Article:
Stem Cells for Liver Disease: Pave The Way Ahead

Stem Cells for Liver Disease: Pave The Way Ahead

Stem Cells For Liver Disease:

The number of lives lost due to liver disease across the world is around 2 million every year. Of these, 1 million is accounted for by viral hepatitis and hepatocellular carcinoma while the remaining 1 million is due to complications associated with cirrhosis. 3.5% of all deaths globally are accounted for by liver cancer and cirrhosis that are the 16th and 11th causes of death, respectively. Additionally, the incidence of viral hepatitis and so is the prevalence of drug-induced liver injury. To add fuel to the fire, alcohol is consumed by 2 billion people globally facing the risk of alcohol-associated liver disease and the tendency to be obese or suffer from diabetes puts one at the risk of non-alcoholic fatty liver disease and hepatocellular carcinoma. It is thus not surprising that the second most common solid organ transplantation is that of the liver. However, a major challenge here is donor shortage: not even 10% of global transplantation needs are being addressed now (Asrani et al, 2019). Stem Cells for liver disease paving the way ahead for the patients.

Stem cells with their multiple advantages enter the scenario: early work in 2006 showed that the administration of autologous bone marrow stem cells from the ilium of nine liver cirrhosis patients was associated with no adverse effects. Additionally, the use of stem cells for cirrhosis was suggested given that the stem cell treatment resulted in improved levels of serum albumin levels and total protein, as well as, the Child-Pugh scores (a system to assess mortality in patients with cirrhosis) (Terai et al, 2006).

A multicenter, randomized, open-label, phase 2 trial published in 2016 by Suk and team described the potential of bone marrow-derived mesenchymal stem cell therapy for liver cirrhosis. The administration of autologous MSCs (5 × 107 BM-MSCs; hepatic arterial injections) in patients resulted in lowered fibrosis, as measured by a decrease in collagen by 25% (one-time MSC treatment) and 37% (two-times MSC treatment). Further, an improvement was also noted in Child-Pugh scores 12 months after the cell injection showing the ability of MSCs to address fibrosis and improve liver functions.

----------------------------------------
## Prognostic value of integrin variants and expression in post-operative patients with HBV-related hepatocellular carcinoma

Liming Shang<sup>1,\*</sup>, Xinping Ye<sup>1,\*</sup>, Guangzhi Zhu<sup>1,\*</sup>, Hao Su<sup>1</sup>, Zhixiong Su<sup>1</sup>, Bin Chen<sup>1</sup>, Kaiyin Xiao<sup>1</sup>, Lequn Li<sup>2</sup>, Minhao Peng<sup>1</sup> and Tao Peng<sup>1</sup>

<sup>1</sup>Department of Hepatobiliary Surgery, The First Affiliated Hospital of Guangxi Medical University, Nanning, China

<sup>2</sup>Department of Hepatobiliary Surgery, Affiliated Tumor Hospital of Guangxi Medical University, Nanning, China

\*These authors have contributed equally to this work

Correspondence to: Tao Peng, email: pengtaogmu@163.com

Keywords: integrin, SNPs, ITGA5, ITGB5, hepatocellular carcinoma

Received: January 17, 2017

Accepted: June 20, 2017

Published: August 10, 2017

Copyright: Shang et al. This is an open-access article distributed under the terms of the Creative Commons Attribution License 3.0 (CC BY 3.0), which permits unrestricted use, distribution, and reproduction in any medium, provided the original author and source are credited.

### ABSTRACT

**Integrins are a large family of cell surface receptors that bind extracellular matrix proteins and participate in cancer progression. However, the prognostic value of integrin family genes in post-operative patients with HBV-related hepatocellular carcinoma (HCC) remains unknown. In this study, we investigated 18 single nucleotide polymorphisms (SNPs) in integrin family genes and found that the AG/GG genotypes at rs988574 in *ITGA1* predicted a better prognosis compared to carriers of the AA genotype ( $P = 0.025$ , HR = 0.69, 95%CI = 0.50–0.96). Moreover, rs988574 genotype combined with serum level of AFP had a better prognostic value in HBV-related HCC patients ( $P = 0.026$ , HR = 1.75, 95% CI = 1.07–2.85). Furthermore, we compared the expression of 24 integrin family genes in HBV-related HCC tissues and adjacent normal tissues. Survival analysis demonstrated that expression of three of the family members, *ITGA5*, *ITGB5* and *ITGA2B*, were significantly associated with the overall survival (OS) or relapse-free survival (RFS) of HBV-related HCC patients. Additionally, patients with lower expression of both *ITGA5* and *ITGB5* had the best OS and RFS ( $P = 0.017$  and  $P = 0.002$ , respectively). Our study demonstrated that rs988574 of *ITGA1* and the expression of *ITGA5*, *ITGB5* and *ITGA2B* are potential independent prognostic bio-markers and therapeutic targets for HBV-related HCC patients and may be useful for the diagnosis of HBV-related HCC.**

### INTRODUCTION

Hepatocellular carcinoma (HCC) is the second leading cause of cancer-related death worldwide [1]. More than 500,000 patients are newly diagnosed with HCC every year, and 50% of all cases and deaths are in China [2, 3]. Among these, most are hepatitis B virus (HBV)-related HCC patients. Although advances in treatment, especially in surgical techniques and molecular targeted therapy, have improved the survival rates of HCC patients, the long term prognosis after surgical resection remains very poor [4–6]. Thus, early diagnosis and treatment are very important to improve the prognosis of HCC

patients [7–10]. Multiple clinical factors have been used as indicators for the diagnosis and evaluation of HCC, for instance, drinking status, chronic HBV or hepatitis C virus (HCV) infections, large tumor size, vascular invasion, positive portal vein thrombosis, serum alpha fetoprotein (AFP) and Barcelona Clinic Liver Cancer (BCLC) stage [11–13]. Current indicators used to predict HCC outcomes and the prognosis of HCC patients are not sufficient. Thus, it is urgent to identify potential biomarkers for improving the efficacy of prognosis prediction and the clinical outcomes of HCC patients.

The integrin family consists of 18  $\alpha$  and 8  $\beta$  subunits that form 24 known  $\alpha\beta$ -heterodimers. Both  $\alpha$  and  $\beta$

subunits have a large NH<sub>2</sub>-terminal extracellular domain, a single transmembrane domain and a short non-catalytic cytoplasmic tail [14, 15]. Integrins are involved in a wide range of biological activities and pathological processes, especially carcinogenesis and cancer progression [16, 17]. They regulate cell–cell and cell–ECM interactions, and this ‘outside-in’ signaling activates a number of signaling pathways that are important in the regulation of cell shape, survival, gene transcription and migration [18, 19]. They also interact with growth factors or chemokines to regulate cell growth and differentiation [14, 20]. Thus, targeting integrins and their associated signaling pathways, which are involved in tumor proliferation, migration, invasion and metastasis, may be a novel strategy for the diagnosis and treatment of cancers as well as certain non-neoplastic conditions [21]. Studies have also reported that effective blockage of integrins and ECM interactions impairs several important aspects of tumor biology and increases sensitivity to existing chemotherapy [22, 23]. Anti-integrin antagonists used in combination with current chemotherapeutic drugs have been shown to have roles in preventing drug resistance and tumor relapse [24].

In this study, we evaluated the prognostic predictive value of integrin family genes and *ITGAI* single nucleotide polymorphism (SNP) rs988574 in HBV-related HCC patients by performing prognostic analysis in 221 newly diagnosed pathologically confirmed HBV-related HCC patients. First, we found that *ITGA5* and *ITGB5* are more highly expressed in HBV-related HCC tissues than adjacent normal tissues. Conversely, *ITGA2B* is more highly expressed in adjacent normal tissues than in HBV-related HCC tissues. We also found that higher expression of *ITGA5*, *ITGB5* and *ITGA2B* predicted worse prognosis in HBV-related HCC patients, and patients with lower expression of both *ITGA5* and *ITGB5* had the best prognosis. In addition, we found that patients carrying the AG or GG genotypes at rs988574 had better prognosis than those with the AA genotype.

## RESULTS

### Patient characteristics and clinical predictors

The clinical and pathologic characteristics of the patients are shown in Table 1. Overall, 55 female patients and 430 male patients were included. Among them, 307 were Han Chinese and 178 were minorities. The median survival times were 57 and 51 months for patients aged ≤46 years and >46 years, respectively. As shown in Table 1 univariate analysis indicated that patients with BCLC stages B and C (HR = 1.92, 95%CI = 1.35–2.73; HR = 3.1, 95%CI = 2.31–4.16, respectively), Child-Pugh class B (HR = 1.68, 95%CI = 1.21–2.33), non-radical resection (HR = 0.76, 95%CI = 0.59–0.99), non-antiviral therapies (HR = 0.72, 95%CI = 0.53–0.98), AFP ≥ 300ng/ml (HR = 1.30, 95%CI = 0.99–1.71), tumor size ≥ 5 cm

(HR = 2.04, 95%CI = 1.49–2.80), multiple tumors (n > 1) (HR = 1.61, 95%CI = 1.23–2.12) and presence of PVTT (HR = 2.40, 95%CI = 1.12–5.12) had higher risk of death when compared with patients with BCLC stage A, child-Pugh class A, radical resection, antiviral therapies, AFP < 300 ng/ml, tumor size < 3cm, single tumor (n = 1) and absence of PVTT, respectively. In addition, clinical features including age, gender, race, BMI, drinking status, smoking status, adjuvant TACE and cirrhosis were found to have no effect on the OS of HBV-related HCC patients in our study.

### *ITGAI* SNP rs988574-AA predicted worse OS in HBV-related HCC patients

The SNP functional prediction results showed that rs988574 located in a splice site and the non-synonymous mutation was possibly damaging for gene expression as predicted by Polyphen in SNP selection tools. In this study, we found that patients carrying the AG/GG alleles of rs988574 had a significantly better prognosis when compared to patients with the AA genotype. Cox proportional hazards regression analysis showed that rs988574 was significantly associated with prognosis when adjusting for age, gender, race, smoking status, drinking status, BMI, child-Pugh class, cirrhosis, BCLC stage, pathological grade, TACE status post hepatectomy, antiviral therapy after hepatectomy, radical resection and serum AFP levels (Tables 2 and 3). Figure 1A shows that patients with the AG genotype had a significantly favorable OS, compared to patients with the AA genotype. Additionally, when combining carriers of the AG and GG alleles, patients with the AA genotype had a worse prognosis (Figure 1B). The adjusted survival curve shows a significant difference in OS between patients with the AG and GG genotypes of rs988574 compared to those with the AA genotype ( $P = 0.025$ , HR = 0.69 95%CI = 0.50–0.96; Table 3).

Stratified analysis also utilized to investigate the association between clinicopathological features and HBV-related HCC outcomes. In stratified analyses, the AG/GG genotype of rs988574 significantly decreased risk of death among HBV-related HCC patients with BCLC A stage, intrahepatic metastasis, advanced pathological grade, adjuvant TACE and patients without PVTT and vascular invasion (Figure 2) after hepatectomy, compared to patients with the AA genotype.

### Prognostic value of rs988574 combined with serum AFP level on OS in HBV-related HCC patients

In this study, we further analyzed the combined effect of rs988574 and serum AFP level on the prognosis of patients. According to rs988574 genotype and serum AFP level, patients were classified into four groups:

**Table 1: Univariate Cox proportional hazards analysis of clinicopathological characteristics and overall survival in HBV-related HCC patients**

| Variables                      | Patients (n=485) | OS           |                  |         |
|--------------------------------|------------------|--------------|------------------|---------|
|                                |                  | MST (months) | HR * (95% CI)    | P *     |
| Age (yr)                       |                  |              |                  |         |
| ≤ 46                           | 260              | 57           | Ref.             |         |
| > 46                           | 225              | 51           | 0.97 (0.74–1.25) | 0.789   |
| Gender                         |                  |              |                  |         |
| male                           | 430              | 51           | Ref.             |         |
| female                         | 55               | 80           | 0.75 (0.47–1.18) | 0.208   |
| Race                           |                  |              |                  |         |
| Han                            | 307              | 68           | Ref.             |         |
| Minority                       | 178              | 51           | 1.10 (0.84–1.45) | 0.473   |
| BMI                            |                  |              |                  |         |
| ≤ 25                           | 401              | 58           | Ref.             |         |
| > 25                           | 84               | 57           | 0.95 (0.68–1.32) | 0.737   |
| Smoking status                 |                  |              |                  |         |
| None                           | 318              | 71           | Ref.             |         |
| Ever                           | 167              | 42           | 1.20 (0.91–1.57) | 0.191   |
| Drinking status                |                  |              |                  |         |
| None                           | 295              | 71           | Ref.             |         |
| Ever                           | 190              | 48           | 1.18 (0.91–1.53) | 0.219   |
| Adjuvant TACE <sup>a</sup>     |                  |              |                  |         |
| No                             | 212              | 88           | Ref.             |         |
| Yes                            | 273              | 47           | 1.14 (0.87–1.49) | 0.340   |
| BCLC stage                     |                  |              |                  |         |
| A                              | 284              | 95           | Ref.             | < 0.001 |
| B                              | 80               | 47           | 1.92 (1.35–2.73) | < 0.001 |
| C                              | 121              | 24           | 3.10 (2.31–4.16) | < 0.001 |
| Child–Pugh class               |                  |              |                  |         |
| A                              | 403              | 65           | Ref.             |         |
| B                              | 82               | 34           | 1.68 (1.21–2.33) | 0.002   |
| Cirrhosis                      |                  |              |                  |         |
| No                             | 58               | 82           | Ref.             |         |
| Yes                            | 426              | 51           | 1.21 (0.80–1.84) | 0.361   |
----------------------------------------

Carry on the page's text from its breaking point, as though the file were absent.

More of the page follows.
The burden of liver disease looms over the world threatening world health: the field of stem cells emerges as the light at the end of the tunnel in terms of safety and efficacy to help patients live a life of dignity: a basic right!

References:

Asrani SK, Devarbhavi H, Eaton J, Kamath PS. Burden of liver diseases in the world. J Hepatol. 2019;70(1):151-171. DOI:10.1016/j.jhep.2018.09.014

Tsuchiya, A., Takeuchi, S., Watanabe, T. et al. Mesenchymal stem cell therapies for liver cirrhosis: MSCs as “conducting cells” for improvement of liver fibrosis and regeneration. Inflamm Regener 39, 18 (2019). https://inflammregen.biomedcentral.com/articles/10.1186/s41232-019-0107-z

Terai S, Ishikawa T, Omori K, et al. Improved liver function in patients with liver cirrhosis after autologous bone marrow cell infusion therapy. Stem Cells. 2006;24:2292–8.

Suk KT, Yoon JH, Kim MY, et al. Transplantation with autologous bone marrow-derived mesenchymal stem cells for alcoholic cirrhosis: Phase 2 trial. Hepatology. 2016;64(6):2185-2197. DOI:10.1002/hep.28693

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